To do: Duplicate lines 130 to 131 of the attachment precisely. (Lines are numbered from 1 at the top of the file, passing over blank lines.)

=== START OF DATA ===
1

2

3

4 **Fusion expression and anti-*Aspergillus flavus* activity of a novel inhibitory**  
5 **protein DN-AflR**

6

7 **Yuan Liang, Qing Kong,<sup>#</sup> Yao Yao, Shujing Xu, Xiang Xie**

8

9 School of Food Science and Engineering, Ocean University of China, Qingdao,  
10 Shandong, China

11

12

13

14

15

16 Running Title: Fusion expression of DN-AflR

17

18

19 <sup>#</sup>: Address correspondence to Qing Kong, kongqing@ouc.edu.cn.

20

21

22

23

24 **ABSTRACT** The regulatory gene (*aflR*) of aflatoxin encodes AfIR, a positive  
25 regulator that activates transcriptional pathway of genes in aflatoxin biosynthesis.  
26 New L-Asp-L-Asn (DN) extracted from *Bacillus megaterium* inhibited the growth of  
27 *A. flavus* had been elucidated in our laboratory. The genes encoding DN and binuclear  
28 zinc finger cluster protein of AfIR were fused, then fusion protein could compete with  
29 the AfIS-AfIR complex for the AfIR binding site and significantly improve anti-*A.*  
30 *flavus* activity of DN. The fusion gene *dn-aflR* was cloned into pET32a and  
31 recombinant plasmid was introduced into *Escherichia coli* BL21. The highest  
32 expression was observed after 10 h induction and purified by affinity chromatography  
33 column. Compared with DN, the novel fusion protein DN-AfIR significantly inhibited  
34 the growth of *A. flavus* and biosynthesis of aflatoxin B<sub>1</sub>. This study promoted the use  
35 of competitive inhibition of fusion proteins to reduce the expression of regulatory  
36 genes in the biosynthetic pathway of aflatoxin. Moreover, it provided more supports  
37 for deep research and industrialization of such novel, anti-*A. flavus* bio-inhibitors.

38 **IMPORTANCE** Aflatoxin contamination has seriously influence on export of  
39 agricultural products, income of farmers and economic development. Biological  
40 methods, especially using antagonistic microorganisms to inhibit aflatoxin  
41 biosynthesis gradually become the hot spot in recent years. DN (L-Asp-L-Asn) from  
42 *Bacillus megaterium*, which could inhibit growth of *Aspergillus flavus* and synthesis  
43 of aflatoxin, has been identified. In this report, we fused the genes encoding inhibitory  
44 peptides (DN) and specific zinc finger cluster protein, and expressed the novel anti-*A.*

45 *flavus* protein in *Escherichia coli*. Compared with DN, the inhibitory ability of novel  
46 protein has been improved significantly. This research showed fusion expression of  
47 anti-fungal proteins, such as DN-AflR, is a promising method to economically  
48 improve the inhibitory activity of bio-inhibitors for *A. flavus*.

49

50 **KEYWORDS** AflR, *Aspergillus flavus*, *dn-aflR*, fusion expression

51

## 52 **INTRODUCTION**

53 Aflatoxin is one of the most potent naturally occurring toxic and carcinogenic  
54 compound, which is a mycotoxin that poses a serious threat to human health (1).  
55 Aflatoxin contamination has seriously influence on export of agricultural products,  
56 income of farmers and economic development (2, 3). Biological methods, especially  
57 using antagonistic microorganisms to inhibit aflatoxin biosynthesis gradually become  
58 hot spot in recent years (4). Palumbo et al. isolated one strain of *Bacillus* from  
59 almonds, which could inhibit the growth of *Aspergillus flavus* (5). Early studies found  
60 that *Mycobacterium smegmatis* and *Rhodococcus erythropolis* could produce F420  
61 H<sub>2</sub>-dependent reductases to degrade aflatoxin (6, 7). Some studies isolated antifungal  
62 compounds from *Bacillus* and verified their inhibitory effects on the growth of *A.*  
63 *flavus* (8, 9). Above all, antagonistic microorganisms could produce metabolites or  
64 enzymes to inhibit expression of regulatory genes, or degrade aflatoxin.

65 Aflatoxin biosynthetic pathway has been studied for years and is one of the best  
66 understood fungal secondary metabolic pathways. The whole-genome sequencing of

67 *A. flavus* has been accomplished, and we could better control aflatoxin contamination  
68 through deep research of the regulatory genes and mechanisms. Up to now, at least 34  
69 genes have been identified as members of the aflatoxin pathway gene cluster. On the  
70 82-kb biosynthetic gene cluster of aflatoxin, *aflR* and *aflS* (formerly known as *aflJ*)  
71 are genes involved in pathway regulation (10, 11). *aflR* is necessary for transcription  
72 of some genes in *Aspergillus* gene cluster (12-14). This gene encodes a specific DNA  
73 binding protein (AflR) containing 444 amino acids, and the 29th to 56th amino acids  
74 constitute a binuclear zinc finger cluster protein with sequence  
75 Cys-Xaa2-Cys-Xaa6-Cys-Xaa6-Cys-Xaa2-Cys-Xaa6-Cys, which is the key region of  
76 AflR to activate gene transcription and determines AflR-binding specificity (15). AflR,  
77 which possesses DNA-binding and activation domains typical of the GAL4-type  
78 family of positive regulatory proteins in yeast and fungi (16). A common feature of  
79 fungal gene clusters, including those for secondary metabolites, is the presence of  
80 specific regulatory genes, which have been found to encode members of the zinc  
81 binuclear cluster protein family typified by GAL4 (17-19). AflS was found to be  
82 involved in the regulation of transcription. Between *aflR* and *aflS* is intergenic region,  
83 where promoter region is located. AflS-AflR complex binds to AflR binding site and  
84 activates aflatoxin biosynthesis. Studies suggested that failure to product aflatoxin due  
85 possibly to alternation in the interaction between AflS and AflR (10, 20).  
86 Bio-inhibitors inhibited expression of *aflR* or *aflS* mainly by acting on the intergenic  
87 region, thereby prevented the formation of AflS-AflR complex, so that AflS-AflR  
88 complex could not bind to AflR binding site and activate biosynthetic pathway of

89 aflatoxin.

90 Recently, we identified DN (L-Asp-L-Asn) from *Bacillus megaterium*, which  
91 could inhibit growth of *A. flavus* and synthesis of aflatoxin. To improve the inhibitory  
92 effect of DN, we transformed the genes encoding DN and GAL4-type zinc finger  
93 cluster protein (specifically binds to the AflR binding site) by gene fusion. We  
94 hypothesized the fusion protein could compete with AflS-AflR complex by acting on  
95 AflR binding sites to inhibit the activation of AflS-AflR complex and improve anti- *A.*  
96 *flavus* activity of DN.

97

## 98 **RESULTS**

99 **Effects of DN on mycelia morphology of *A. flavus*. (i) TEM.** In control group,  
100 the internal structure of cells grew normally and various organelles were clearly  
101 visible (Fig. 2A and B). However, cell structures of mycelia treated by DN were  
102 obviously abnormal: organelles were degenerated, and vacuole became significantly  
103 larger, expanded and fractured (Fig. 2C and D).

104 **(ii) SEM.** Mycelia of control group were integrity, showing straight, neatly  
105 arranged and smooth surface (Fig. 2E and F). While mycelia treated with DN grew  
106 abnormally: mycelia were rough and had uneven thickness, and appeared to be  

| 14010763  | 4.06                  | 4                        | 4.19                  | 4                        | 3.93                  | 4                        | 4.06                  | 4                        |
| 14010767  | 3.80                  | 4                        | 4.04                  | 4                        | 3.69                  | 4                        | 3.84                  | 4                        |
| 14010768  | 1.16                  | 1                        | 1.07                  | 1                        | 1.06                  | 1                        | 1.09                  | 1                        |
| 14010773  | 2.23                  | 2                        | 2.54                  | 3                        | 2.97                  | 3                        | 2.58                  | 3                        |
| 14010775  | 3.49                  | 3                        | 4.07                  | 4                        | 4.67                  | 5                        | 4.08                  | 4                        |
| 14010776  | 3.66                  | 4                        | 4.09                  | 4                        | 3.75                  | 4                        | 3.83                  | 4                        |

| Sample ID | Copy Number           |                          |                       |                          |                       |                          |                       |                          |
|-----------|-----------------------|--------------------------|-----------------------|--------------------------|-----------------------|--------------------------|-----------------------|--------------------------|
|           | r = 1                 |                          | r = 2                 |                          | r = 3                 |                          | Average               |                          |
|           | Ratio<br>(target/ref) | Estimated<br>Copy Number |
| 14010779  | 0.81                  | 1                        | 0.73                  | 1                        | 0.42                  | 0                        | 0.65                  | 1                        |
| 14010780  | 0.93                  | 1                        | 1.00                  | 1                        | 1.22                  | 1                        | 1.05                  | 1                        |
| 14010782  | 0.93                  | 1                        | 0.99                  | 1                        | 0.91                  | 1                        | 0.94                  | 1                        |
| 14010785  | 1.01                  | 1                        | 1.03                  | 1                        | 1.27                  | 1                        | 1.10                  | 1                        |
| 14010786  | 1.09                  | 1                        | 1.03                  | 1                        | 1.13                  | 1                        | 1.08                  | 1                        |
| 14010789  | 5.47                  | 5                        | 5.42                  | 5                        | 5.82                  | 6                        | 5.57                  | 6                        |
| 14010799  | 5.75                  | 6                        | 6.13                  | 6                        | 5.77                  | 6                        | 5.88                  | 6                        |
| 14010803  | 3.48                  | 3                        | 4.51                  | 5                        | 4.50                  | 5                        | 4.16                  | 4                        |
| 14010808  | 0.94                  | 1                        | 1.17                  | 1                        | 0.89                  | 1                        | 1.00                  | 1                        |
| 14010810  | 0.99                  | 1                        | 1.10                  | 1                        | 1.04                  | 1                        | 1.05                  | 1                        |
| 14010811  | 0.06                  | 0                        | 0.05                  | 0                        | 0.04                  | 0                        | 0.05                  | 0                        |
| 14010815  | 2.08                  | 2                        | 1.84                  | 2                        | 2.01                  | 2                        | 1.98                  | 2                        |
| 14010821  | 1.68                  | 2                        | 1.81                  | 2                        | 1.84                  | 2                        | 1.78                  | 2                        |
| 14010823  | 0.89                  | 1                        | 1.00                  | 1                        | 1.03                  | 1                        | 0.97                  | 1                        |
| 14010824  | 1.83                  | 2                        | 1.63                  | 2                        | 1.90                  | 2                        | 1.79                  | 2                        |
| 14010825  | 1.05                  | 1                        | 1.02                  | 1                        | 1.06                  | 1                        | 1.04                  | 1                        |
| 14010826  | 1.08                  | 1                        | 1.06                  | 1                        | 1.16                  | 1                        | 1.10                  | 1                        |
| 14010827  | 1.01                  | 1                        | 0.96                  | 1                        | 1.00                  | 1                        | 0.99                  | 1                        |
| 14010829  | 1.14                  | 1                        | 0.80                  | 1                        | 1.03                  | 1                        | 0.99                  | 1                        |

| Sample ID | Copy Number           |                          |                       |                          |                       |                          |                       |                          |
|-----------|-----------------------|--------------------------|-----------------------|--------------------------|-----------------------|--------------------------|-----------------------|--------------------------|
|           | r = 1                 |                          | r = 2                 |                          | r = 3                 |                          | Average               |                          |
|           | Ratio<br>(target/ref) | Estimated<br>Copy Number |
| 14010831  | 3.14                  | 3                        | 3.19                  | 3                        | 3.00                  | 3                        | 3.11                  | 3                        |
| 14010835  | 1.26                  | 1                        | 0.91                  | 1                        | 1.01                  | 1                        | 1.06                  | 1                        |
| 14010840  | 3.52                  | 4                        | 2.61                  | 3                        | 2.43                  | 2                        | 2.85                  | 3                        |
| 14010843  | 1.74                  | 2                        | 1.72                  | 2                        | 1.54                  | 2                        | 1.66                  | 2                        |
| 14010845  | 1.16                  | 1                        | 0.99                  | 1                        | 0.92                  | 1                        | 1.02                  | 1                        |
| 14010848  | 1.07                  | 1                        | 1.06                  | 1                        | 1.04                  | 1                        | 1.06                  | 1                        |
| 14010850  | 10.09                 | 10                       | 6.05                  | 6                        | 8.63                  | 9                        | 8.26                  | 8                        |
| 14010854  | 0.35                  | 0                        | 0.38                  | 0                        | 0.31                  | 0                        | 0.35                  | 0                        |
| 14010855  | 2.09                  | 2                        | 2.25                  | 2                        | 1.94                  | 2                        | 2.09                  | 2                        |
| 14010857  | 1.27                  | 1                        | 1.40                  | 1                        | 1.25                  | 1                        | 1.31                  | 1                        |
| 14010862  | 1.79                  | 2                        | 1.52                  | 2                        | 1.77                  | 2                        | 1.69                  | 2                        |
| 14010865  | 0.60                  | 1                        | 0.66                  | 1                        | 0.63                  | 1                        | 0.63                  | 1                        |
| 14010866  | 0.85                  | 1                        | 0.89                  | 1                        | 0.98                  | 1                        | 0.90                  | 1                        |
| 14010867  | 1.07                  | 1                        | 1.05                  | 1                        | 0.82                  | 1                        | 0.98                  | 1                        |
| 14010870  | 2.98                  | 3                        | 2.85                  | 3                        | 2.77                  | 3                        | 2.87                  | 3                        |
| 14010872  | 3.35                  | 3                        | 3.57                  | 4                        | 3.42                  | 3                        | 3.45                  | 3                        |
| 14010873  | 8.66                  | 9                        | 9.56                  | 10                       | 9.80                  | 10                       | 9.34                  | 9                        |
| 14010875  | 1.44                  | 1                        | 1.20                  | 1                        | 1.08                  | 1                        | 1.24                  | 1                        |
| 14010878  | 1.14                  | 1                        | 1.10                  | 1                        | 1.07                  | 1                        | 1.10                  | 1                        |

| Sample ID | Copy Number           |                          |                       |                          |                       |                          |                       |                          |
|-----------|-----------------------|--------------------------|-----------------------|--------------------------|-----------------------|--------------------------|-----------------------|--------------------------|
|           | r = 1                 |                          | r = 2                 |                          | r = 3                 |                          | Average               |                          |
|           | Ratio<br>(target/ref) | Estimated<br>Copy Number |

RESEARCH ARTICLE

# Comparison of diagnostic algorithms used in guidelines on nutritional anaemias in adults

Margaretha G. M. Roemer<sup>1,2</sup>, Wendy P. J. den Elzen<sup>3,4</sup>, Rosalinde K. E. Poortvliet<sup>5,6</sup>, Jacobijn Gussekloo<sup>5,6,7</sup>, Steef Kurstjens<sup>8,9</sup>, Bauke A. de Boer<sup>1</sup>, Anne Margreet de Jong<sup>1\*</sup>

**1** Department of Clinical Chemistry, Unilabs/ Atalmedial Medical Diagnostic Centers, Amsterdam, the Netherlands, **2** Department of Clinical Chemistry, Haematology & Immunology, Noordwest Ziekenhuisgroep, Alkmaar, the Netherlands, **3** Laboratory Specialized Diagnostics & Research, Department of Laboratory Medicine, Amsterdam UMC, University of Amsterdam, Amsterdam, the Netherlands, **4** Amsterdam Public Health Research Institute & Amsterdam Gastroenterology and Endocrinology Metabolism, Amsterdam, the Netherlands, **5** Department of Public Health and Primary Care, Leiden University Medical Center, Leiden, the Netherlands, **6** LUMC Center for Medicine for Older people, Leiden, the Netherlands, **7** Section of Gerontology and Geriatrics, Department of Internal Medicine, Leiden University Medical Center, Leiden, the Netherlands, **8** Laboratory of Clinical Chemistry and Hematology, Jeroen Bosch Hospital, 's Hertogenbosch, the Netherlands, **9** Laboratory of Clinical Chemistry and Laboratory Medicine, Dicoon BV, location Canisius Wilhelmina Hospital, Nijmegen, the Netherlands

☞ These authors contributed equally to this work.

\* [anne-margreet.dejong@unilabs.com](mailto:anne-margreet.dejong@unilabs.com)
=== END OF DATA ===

| 14010823  | 0.89                  | 1                        | 1.00                  | 1                        | 1.03                  | 1                        | 0.97                  | 1                        |
| 14010824  | 1.83                  | 2                        | 1.63                  | 2                        | 1.90                  | 2                        | 1.79                  | 2                        |